Robert Lloyd Schellenberg, the Canadian man found guilty of drug trafficking in China, will appeal the death sentence ordered by a Chinese court this week, the law firm representing him said Tuesday, as the strained relationship between Canada and China spiraled deeper into crisis.

The appeal would launch a legal process that could take months. After an appeals judge makes a ruling, China’s highest court would still need to make a final decision before Schellenberg is put to death.

“Of course we’re going to appeal. How can we accept the death penalty?” said Shang Baojun, a lawyer at the Mo Shaoping firm, which represents Schellenberg and other high-profile figures in political cases.

The two nations’ relationship has rapidly deteriorated since Canada detained Chinese technology executive Meng Wanzhou in Vancouver last month at the behest of the United States. The Huawei chief financial officer is wanted in the United States to face fraud charges related to Huawei’s business dealings with Iran.

Shortly after Meng’s seizure, which Beijing views as unlawful, China detained two Canadians on national security charges and retried Schellenberg in unusually public fashion. Western analysts said the moves amounted to a retaliatory pressure campaign, which Beijing staunchly denies.

Speaking for the first time about the case, Canadian Prime Minister Justin Trudeau implied Monday that Schellenberg’s death sentence was politically motivated and “arbitrarily applied.” Hours later, Canada issued a travel advisory for China, warning Canadians that they could face “arbitrary enforcement of laws” in that country.

Chinese Foreign Ministry spokeswoman Hua Chunying shot back Tuesday, likening the Canadian travel warning to “a thief calling out another thief.”

“It’s actually Canada, not China, that has arbitrarily detained a foreign citizen based on so-called ­legal reasons,” Hua said, referring to Meng, who is out on bail in Vancouver awaiting the outcome of her extradition hearings. China also issued a travel advisory of its own, warning citizens about the dangers of traveling to Canada.

Schellenberg was retried Monday after an appeals judge ruled in December that his previous sentence — 15 years imprisonment for attempting to ship 222 kilograms of methamphetamine out of northern China — was too light. Prosecutors said at the December hearing they had found new evidence implicating Schellenberg in an international trafficking operation, and therefore demanded a harsher sentence.

The December hearing came weeks after Meng’s arrest, prompting speculation that Schellenberg’s retrial may have been politically influenced.

“The charges [at the retrial] were the same as the first trial, so I don’t think the sentence can be increased,” Zhang Dongshuo, Schellenberg’s lawyer, said by telephone after the retrial. “Even if they prove that he’s part of an international crime ring, the penalty cannot be raised because the allegations were the same.”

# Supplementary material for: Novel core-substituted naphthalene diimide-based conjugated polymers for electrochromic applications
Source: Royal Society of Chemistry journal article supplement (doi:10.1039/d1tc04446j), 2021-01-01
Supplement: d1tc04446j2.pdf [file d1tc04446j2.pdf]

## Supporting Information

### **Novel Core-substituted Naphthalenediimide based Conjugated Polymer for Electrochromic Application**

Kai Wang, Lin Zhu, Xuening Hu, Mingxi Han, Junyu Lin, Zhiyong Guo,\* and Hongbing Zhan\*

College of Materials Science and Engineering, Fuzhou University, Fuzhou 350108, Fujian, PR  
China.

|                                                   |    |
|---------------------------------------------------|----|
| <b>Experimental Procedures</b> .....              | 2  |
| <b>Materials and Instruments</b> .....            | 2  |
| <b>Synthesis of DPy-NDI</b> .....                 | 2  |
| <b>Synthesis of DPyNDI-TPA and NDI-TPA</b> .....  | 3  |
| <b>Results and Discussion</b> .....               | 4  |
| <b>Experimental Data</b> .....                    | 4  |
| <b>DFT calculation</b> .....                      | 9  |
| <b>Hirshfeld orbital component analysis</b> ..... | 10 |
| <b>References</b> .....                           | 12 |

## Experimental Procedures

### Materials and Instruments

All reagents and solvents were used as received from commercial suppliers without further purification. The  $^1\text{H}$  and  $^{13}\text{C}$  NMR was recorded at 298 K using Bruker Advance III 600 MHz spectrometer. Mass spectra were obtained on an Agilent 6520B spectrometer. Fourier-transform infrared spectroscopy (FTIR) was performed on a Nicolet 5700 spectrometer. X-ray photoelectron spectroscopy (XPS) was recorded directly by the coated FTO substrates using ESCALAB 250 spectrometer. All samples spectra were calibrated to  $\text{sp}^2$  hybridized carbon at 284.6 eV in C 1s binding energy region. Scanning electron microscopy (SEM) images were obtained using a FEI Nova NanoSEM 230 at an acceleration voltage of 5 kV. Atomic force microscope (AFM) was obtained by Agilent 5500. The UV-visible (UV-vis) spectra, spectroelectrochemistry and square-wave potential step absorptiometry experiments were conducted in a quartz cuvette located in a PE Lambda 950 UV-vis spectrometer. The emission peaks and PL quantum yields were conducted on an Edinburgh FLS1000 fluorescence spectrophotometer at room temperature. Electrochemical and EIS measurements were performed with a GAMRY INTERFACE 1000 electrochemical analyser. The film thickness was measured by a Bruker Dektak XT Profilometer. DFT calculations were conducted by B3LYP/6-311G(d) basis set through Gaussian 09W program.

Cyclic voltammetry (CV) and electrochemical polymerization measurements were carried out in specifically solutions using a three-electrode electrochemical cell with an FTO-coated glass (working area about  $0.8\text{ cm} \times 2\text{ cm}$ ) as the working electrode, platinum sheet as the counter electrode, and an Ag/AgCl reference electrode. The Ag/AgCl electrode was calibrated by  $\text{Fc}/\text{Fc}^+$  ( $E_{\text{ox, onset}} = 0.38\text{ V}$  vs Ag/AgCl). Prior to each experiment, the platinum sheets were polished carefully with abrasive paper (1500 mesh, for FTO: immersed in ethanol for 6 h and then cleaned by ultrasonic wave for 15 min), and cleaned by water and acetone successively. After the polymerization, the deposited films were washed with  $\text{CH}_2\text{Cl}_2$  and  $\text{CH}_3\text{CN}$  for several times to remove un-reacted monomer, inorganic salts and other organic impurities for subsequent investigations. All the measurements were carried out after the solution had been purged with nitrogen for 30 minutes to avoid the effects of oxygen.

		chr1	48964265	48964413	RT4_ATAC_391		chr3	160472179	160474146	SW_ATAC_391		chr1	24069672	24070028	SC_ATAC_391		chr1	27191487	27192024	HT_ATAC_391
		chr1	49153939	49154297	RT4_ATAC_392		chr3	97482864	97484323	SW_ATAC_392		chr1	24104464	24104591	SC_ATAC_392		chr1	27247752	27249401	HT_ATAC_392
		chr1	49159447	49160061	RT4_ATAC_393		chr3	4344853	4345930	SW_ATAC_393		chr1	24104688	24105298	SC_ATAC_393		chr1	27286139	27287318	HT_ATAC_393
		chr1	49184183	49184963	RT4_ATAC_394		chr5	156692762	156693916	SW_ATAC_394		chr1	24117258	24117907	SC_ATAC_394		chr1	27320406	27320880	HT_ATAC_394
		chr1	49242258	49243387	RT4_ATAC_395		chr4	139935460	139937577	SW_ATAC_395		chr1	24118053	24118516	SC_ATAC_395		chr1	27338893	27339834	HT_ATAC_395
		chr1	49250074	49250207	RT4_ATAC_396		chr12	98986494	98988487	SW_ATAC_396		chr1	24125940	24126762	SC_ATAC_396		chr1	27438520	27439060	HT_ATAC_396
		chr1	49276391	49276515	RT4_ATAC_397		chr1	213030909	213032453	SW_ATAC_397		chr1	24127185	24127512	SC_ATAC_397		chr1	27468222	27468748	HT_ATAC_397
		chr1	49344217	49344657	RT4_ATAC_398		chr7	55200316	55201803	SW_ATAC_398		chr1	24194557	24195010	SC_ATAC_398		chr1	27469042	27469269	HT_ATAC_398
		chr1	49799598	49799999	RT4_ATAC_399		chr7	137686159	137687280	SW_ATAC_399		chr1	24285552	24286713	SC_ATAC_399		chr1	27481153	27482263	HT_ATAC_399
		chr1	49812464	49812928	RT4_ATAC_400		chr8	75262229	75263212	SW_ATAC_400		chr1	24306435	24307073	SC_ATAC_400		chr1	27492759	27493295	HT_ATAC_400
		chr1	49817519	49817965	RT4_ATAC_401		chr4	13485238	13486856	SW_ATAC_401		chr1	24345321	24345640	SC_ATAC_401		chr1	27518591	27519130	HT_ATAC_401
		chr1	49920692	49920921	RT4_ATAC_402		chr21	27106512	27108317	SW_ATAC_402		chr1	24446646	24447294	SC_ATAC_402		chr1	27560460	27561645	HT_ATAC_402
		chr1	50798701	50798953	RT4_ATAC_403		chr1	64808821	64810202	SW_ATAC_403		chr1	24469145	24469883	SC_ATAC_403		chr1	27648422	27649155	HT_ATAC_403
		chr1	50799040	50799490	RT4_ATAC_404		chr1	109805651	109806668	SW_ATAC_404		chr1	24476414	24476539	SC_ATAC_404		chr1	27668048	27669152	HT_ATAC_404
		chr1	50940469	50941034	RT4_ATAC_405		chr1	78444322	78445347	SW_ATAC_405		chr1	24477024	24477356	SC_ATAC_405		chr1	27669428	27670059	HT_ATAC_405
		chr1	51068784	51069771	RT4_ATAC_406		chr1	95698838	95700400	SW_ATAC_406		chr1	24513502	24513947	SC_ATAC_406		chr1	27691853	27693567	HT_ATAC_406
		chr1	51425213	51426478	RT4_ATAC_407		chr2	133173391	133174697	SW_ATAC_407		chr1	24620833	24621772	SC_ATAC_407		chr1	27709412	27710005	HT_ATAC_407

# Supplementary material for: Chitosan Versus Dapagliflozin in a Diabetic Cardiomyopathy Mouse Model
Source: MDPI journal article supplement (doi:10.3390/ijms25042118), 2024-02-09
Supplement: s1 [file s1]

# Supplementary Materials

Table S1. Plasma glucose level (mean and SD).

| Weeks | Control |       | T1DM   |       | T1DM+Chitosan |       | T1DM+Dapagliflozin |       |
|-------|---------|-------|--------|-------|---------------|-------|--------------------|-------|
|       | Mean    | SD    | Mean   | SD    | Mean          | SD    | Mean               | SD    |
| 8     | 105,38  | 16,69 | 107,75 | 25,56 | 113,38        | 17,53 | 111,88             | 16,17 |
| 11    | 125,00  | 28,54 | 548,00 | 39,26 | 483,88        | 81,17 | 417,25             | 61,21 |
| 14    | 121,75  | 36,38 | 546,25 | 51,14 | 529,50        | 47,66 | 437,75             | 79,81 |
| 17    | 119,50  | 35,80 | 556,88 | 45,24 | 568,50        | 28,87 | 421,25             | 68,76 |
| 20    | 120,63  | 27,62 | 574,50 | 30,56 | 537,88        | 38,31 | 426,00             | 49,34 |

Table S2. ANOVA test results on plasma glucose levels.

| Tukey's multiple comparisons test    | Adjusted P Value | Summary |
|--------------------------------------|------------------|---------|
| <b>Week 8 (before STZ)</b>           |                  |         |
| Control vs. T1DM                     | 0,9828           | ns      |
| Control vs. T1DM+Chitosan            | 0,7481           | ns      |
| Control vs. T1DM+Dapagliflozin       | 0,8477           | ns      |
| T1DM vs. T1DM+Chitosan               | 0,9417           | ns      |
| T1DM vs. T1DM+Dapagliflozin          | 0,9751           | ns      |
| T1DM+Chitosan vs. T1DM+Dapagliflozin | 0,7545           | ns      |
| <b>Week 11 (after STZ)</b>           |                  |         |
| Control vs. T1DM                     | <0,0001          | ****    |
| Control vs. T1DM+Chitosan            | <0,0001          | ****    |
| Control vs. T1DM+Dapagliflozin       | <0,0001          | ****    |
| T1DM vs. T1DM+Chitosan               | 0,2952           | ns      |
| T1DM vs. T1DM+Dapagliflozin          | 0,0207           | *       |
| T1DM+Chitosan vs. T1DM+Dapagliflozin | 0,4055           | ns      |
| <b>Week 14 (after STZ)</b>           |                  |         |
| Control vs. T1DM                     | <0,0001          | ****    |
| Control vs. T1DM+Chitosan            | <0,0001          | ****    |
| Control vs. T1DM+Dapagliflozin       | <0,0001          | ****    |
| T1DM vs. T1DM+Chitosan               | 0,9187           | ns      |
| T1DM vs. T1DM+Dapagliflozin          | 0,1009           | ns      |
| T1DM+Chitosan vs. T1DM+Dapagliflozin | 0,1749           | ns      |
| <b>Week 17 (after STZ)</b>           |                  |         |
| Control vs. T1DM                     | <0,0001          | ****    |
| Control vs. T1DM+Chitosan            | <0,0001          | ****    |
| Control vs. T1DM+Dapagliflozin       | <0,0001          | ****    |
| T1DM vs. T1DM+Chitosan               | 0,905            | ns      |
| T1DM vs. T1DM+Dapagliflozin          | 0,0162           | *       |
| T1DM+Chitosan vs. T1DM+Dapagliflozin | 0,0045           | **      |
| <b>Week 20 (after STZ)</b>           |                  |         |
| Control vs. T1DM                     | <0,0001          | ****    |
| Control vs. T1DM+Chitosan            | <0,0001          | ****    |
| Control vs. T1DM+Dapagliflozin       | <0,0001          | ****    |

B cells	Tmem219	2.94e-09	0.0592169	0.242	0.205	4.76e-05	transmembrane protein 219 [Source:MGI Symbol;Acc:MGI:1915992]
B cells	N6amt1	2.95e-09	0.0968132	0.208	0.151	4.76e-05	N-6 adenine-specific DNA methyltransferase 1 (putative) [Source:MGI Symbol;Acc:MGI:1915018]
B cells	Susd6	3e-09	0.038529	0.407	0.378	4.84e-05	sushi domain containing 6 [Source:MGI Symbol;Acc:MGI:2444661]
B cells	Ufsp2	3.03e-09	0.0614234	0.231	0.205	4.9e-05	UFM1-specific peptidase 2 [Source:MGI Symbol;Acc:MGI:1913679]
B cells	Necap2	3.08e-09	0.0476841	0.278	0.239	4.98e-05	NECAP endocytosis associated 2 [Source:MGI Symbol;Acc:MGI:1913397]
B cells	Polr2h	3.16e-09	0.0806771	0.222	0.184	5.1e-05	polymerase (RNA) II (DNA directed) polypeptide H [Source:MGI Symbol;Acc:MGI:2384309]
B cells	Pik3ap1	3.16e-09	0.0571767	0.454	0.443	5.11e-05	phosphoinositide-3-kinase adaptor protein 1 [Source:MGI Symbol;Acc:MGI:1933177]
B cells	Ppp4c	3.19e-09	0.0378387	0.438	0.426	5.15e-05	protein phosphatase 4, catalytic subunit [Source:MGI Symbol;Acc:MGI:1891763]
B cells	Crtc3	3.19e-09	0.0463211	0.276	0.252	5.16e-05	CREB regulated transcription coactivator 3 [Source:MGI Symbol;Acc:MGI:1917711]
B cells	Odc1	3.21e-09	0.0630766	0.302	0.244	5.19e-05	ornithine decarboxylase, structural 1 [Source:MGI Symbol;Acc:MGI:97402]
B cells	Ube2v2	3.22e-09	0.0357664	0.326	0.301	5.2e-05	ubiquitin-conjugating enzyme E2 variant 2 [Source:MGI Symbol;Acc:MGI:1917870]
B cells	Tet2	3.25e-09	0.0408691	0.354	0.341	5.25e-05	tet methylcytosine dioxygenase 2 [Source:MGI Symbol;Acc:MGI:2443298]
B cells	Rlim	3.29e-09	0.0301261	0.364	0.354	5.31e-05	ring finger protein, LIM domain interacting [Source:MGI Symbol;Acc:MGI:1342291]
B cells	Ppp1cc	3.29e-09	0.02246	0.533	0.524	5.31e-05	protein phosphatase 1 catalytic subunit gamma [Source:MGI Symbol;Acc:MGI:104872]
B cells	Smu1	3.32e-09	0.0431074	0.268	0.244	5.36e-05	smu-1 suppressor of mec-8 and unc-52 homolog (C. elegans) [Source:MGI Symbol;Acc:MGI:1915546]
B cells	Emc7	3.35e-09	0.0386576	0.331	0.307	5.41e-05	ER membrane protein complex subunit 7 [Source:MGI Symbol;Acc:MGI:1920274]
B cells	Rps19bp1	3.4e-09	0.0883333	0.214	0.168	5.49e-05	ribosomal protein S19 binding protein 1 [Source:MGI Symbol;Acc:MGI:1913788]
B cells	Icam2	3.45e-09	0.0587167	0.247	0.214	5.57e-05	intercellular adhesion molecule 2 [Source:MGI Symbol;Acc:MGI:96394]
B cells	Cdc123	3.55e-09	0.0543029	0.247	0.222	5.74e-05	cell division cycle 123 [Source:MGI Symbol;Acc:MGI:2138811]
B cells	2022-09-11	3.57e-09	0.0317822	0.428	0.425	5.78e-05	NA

Zhang added that he saw Schellenberg Tuesday after the death sentence, and he looked “fine.”

Through weeks of mutual recriminations and allegations of hostage-taking, the dispute has centered on the Shenzhen-based telecommunications equipment maker, which has long been a source of pride for China — as well as a source of concern for Western cybersecurity and defense officials, who warn that Huawei is inextricably beholden to China’s ruling Communist Party.

Even though U.S. officials and legal experts say that Meng’s extradition warrant was legally justified, China has viewed the detention of its star executive as symbolic of a broad, U.S.-led conspiracy against its growing tech industry — and against China’s very rise. After Poland arrested a Chinese Huawei executive last week on espionage charges, many Chinese social media users rallied to the company’s cause, with some joking that China should find a Polish drug trafficker to sentence, much like it did a Canadian.

As the sniping between Beijing and Ottawa continued Tuesday, Meng’s father, reclusive Huawei founder Ren Zhengfei, made a rare public appeal for her freedom as he distanced Huawei from the Chinese government. It was the first time he had spoken to foreign media in years.

“I love my country. I support the Communist Party. But I will not do anything to harm the world,” he told a small group of reporters in southern China, according to Bloomberg News. “I don’t see a close connection between my personal political beliefs and the businesses of Huawei.”

Huawei’s travails, Ren said, were a “sesame seed” in China’s broader trade conflict with the United States. 

He appeared to strike a conciliatory note as he praised President Trump’s tax overhaul agenda. Ren offered that Huawei could pull back from its aggressive global expansion if that would make it seem less of a threat to Washington.

“If they don’t want Huawei to be in some markets, we can scale down a bit,” he was quoted as saying, referring to the United States. “As long as we can survive and feed our employees, there’s a future for us.”

Yuan Wang in Beijing contributed to this report.